Ritual Encounters

Ritual Encounters: Otavalan Modern and Mythic Community

Michelle Wibbelsman
Copyright Date: 2009
Pages: 232
https://www.jstor.org/stable/10.5406/j.ctt1x74d0
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  • Book Info
    Ritual Encounters
    Book Description:

    This book examines ritual practices and public festivals in the Otavalo and Cotacachi areas of northern Andean Ecuador's Imbabura province. Otavaleños are a unique group in that they maintain their traditional identity but also cultivate a cosmopolitanism through frequent international travel. Ritual Encounters explores the moral, mythic, and modern crossroads at which Otavaleños stand, and how, at this junction, they come to define themselves as millennial people._x000B__x000B_Michelle Wibbelsman shows that Otavaleños are deeply engaged in transnational mobility and in the cultural transformations that have resulted from Otavalan participation in global markets, international consumer trends, and technological developments. Rituals have persisted among this ethnic community as important processes for symbolically capturing and critically assessing cultural changes in the face of modern influences. As religious expression, political commentary, transcendental communication, moral judgment, and transformative experience, Otavalan rituals constitute enduring practices that affirm ethnic identities, challenge dominant narratives, and take issue with power inequalities behind hegemony. Ritual Encounters thus offers an appreciation of the modern and mythic community as a single and emergent condition.

    eISBN: 978-0-252-09287-9
    Subjects: Anthropology, History

Table of Contents

  1. Front Matter
    (pp. i-iv)
  2. Table of Contents
    (pp. v-vi)
  3. Preface
    (pp. vii-x)
  4. Acknowledgments
    (pp. xi-xiv)
  5. Note on Orthography
    (pp. xv-xvi)
  6. List of Illustrations
    (pp. xvii-xx)
  7. Introduction: Otavaleños at the Crossroads
    (pp. 1-26)

    Imagine a place, nestled in the dramatic landscape of the Andes, where technology intersects with religion and myth, where an international highway cuts across pastoral landscapes connecting rural agricultural laborers to global communities and metropolitan centers, where the indigenous people of the area use systems of local barter and trade just as expertly as they participate in worldwide market trends. This place is Otavalo, a culturally and geographically unique area in northern Ecuador. It is home to Quichua-speaking highland indigenous people known as Otavaleños or Otavalo Runa, people who span an extraordinary heterogeneity of experience and yet maintain a strong...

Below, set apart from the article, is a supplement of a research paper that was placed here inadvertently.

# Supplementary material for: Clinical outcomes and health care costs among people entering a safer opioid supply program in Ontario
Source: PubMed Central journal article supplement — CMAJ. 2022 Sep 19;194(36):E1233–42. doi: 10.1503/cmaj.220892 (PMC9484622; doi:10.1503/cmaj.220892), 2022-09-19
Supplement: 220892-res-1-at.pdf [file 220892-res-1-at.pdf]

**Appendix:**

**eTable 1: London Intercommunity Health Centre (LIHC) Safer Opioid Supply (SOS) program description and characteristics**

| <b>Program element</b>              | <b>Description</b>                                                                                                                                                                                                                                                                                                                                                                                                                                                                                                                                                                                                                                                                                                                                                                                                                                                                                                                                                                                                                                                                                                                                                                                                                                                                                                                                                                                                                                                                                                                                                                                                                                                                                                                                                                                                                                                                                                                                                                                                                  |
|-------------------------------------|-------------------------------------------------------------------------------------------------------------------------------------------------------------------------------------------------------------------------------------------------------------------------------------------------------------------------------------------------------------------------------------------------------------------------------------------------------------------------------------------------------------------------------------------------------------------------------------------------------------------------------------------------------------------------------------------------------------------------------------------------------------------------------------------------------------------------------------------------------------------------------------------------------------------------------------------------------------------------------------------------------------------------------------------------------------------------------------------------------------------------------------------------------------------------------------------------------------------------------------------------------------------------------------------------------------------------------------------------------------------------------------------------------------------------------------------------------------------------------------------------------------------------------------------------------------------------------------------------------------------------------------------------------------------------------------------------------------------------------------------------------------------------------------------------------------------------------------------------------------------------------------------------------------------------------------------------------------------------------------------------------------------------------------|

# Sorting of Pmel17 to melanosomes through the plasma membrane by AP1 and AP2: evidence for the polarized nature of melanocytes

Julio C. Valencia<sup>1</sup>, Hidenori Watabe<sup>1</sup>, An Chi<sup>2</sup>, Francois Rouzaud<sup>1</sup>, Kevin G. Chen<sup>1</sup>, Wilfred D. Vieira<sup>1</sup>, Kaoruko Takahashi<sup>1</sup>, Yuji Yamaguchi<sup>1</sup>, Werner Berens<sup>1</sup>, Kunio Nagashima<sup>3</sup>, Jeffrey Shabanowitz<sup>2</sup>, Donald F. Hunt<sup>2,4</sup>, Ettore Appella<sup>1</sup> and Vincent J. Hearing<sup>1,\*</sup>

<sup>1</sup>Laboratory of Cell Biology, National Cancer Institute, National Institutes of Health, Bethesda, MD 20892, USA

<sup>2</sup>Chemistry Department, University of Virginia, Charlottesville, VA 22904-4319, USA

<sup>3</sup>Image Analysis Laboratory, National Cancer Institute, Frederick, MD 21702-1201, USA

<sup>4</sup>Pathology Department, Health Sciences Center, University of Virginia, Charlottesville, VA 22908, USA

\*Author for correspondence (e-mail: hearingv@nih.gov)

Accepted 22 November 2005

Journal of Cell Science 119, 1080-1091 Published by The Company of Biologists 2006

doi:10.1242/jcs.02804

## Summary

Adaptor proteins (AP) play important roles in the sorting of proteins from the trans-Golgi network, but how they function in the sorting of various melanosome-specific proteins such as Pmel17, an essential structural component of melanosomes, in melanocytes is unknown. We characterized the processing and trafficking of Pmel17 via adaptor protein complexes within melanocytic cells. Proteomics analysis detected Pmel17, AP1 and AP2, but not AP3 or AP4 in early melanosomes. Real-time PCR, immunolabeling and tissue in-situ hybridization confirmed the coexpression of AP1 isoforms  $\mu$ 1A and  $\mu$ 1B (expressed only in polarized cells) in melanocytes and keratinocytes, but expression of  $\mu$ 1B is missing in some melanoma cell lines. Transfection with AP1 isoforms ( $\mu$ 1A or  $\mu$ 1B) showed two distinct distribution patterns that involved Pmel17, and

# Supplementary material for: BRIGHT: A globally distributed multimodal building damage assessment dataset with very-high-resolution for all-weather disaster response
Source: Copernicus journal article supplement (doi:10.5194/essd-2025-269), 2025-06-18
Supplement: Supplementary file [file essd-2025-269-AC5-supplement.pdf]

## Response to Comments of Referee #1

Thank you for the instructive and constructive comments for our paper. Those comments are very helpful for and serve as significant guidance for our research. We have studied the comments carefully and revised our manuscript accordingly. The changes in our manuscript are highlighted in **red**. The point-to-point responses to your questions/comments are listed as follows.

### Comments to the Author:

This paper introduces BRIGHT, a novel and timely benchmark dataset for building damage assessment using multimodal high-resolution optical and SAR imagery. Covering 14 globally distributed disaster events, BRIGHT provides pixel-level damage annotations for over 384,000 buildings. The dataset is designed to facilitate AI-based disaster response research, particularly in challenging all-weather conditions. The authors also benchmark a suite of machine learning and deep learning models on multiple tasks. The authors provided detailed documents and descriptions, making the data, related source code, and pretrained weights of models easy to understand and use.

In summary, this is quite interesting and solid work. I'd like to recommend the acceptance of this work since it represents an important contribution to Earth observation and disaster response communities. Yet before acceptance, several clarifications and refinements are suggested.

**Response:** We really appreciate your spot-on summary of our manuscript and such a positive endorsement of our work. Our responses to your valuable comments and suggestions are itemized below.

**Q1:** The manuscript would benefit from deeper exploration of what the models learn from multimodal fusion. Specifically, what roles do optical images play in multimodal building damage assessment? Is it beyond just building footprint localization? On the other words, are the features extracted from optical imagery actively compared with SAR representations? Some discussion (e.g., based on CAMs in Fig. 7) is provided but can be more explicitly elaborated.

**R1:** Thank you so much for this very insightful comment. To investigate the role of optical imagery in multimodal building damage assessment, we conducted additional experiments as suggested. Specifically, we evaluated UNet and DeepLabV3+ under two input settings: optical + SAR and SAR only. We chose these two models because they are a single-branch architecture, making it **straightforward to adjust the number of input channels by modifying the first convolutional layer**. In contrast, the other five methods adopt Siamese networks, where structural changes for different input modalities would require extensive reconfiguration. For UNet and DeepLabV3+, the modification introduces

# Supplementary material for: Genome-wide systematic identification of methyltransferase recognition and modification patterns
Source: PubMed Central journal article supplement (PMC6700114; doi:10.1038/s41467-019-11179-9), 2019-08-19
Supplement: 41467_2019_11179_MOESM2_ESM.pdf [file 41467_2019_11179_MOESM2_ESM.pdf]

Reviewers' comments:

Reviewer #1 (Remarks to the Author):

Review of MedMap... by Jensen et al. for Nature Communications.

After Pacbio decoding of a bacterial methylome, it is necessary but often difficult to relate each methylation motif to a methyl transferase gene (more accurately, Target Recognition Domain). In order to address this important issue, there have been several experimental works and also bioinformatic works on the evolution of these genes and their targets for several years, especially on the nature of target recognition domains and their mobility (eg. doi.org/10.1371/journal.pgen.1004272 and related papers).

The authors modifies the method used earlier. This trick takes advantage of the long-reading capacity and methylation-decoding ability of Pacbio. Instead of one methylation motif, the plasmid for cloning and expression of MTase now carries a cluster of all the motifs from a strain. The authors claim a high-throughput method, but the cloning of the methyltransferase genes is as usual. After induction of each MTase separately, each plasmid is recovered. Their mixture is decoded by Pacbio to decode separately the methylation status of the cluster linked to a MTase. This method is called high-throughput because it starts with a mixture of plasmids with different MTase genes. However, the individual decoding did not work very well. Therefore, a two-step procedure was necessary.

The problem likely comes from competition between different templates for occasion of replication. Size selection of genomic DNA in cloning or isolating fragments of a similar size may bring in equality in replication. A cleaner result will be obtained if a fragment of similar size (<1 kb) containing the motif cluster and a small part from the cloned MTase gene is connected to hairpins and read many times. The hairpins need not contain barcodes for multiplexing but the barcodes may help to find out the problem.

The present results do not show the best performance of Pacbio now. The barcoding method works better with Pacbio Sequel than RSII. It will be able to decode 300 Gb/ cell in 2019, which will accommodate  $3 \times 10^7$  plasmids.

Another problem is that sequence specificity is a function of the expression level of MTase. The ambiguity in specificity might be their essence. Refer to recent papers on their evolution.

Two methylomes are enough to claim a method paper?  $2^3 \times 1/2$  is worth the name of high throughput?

8. 1 Uku Pacha—The World Below
    (pp. 27-47)

    This chapter provides physical and historical bearings for the world that humans inhabit and shape through their actions. I situate Otavalo and Cotacachi geographically and provide a brief overview, based on secondary sources, of key historical circumstances that have propelled Otavaleños into myriad roles and occupations in the twentieth and twenty-first centuries. Historical precedents explain, in part, the dramatic transfiguration of the social topography Otavaleños navigate today. This historical sketch assigns time depth to an understanding of the diversity within contemporary Otavalan society, the variety of cultural and political influences in the valley, and the social and geographic dispersal of...

  9. 2 Return of the Migrants
    (pp. 48-71)

    In this chapter I consider the complexities involved in planning an annual festival known as Pawkar Raymi, and look at the various types of discourse that emerge in the multivocal spaces that the festival generates. The nature of dialogue among people reveals diversity of opinion, but also creative processes of consensus building necessary for working toward a common objective and living with difference. Here I focus on discursive practices of gossip, rumor, collaborative storytelling, joint conceptualization of ideas, problem solving, small talk, and conflict resolution. In addition to interactions during the Pawkar Raymi, my analysis considers organizing efforts that take...